When did you get to the point where you felt truly comfortable performing in English? When I started, I had my set almost scripted like a play, because I’d translate my jokes with my English teacher. One day at the Comedy Cellar in New York, someone said something to me in the audience and I started to talk with this person and I realized I could be funny even with nonperfect English. That night I felt, you know what? Let it go. They know I’m not from here and I’ll never sound like an American man and I’ll never be an American stand-up, but I knew to be what you are. I started to try to not improvise but put it in my words. That’s why it’s special for me, when I’m in France, people tell me when I perform in English, “we recognize you.” I’m happy to hear that. I prefer to make mistakes and be me than have perfect English.
Are you going to see “O” again when you’re in town? It probably sounds like a cliché but for me, that is the best show. I’ve seen it many times and I think it’s the best thing I have seen in my life. I love that show. I want to bring everyone I know and my family. But actually I am planning to do a lot of things in Vegas this time. There are a lot characters there in the street and all around that I want to observe as an outsider, and I’m bringing a small crew to film my observations on Las Vegas and I’m sure we’ll get material at every meter. For me, it’s like if you lived at Disneyworld.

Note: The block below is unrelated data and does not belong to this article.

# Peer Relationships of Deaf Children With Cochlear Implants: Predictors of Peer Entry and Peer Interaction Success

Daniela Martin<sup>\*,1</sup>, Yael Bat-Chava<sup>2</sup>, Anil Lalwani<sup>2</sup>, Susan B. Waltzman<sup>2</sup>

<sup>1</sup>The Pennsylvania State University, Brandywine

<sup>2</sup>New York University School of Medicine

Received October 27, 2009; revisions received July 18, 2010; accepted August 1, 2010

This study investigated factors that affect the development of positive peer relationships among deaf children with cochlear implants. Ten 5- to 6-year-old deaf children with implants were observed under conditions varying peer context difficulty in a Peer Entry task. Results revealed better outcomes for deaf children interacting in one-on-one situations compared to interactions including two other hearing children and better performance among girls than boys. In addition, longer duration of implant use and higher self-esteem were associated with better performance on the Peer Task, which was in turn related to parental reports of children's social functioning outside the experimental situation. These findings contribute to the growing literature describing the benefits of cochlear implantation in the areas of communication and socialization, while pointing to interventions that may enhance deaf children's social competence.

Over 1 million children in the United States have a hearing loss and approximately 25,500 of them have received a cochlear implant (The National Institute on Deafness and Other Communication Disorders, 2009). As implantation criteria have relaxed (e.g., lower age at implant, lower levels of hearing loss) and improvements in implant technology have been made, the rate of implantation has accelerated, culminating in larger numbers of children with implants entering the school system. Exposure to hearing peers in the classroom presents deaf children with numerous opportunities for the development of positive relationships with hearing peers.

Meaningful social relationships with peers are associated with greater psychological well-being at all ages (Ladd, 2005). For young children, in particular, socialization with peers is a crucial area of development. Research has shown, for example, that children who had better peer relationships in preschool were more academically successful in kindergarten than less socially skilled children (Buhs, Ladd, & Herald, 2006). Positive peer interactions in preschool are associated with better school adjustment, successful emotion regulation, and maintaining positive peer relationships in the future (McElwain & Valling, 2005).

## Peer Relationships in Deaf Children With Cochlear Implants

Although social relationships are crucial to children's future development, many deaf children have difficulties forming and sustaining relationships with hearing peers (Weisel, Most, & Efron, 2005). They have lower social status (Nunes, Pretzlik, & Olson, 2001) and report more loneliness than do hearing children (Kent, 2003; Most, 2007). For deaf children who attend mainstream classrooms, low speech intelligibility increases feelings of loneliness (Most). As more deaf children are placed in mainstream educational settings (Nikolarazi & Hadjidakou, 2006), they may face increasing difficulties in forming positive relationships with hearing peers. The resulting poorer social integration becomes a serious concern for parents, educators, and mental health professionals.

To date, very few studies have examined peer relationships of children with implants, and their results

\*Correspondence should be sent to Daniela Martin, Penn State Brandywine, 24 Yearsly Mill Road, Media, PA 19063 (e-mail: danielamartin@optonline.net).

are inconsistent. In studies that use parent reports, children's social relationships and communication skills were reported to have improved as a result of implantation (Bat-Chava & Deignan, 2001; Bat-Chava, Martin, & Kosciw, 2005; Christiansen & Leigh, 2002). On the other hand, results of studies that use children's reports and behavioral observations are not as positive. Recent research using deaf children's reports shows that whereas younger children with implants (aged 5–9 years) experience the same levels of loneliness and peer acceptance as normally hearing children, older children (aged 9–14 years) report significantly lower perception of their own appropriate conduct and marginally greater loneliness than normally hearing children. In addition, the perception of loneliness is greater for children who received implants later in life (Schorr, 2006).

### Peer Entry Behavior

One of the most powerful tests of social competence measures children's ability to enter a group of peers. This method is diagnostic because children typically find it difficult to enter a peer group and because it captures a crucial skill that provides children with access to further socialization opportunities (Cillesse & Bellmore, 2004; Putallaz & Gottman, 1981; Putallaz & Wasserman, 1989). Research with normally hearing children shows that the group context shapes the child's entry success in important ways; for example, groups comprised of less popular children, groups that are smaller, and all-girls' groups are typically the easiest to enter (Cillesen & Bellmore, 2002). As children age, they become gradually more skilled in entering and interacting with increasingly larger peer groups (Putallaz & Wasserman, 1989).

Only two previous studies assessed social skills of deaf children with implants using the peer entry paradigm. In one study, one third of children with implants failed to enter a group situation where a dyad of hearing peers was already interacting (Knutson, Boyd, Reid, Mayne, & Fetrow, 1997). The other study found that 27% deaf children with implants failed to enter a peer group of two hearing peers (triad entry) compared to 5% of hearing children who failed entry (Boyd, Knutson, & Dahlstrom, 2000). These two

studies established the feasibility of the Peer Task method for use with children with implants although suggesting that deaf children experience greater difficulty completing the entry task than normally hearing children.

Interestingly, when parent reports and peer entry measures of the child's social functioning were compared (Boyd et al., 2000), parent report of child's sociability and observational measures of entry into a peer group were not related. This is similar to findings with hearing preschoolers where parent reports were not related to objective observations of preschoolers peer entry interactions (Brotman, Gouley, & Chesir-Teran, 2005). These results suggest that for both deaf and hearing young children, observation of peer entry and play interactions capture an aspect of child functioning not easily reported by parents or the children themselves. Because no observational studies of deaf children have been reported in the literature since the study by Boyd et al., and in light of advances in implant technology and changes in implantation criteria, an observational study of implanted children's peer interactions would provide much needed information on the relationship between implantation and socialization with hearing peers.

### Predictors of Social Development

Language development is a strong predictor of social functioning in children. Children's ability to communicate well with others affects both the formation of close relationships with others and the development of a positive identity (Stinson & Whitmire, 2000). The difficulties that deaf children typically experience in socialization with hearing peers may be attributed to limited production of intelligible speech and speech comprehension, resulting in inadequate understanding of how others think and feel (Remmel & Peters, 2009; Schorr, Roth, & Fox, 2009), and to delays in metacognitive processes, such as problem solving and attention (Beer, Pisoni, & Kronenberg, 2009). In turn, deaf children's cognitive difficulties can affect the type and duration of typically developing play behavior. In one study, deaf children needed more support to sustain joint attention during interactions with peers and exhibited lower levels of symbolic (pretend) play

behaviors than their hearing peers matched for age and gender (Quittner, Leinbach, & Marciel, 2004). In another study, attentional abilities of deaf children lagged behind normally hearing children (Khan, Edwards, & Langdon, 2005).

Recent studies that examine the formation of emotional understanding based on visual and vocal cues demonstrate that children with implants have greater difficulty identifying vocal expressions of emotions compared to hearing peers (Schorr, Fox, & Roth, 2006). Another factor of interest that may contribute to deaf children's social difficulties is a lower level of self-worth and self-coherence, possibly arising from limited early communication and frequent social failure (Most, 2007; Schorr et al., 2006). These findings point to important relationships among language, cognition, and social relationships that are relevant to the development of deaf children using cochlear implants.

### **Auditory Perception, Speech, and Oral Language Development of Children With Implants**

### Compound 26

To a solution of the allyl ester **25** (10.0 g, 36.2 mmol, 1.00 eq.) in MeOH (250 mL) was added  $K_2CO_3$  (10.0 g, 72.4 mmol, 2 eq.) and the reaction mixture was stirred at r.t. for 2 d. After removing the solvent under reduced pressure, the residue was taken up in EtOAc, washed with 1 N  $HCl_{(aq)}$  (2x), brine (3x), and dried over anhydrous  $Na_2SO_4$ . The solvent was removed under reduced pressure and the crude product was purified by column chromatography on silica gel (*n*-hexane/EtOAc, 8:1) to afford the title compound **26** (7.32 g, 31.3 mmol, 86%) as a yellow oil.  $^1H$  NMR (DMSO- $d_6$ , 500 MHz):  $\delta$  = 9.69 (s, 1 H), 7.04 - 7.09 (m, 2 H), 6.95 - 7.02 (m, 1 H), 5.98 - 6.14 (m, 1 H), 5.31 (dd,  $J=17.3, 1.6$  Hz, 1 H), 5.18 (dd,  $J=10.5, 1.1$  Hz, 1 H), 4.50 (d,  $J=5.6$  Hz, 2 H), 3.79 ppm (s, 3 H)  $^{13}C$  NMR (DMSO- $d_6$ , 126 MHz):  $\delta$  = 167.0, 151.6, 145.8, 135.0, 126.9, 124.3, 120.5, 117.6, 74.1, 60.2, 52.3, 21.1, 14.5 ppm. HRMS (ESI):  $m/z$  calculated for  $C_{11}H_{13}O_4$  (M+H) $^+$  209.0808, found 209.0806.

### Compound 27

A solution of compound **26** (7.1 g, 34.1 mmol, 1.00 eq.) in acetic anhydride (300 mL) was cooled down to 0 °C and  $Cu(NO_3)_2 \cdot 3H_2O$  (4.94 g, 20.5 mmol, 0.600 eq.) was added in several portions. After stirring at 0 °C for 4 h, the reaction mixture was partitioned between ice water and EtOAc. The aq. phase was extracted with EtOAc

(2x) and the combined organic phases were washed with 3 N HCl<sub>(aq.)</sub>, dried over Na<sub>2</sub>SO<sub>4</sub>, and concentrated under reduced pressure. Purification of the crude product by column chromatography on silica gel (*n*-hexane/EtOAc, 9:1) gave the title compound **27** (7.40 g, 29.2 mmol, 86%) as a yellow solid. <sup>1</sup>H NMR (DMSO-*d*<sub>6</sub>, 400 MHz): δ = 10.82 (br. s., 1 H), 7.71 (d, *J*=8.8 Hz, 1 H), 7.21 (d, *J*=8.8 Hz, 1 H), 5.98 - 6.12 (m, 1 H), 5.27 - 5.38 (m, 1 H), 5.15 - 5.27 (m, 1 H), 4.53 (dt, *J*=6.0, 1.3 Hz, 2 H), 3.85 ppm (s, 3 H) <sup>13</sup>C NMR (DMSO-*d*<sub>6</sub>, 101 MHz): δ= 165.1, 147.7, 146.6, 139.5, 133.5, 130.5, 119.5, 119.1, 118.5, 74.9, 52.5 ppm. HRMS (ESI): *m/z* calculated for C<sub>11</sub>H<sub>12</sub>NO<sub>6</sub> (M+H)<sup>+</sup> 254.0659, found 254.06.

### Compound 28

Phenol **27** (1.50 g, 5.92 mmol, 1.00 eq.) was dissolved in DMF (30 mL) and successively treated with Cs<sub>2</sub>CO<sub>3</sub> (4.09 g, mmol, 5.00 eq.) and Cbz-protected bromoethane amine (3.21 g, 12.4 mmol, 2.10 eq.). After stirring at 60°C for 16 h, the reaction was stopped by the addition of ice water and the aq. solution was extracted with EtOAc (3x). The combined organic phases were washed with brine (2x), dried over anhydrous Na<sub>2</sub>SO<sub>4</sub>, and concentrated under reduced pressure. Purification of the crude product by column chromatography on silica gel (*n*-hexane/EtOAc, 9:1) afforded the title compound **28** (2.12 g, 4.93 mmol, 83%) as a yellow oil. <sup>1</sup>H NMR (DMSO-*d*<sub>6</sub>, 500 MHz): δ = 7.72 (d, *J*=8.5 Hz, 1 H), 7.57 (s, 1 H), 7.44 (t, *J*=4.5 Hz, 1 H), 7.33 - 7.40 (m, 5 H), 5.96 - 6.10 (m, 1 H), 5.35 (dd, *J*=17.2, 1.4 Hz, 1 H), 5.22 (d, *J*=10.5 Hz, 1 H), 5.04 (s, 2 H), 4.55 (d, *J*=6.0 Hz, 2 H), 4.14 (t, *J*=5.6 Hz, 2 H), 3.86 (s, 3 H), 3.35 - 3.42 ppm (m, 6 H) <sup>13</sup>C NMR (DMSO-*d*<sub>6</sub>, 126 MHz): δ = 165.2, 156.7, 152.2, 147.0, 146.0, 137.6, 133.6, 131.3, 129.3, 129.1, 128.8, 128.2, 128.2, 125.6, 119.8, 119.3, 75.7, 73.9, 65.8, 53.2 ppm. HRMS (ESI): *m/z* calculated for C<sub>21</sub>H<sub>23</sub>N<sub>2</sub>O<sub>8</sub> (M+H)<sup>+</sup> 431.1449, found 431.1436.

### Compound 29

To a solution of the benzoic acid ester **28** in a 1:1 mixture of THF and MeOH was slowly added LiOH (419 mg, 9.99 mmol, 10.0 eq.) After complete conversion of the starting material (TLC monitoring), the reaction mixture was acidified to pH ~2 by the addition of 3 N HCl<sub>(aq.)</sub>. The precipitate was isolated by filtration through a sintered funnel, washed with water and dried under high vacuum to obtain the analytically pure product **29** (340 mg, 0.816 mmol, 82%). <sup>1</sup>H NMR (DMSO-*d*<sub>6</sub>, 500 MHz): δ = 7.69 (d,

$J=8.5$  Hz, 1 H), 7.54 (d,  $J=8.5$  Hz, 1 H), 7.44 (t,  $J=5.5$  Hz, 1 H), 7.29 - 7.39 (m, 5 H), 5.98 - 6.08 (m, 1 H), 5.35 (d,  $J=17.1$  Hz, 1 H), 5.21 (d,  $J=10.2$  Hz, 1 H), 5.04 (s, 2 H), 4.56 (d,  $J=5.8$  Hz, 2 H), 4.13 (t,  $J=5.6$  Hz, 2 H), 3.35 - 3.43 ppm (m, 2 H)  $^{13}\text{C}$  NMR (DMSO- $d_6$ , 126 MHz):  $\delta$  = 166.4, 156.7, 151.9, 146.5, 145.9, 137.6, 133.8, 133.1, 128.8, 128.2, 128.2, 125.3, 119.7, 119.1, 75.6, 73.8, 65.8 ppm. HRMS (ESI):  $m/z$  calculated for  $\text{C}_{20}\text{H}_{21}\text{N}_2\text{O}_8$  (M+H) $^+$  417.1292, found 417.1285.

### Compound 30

But I have friends there now and I know there are neighborhoods and a lot of different people. I have discovered there is a life in Las Vegas and I really like it but I cannot stay for too long. The most funny thing is one day when I arrived in Vegas I met a friend and the first thing he wanted to do was take me to see the Eiffel Tower. I said, man, you cannot do this. I live by the original one. I wake up in the morning and there it is. I don’t want to see the replica, take me to some American stuff!
Gad Elmaleh performs at 7 and 9 p.m. May 9 at the Comedy Cellar at the Rio (3700 W. Flamingo Road, 702-777-2782) and more info can be found at caesars.com.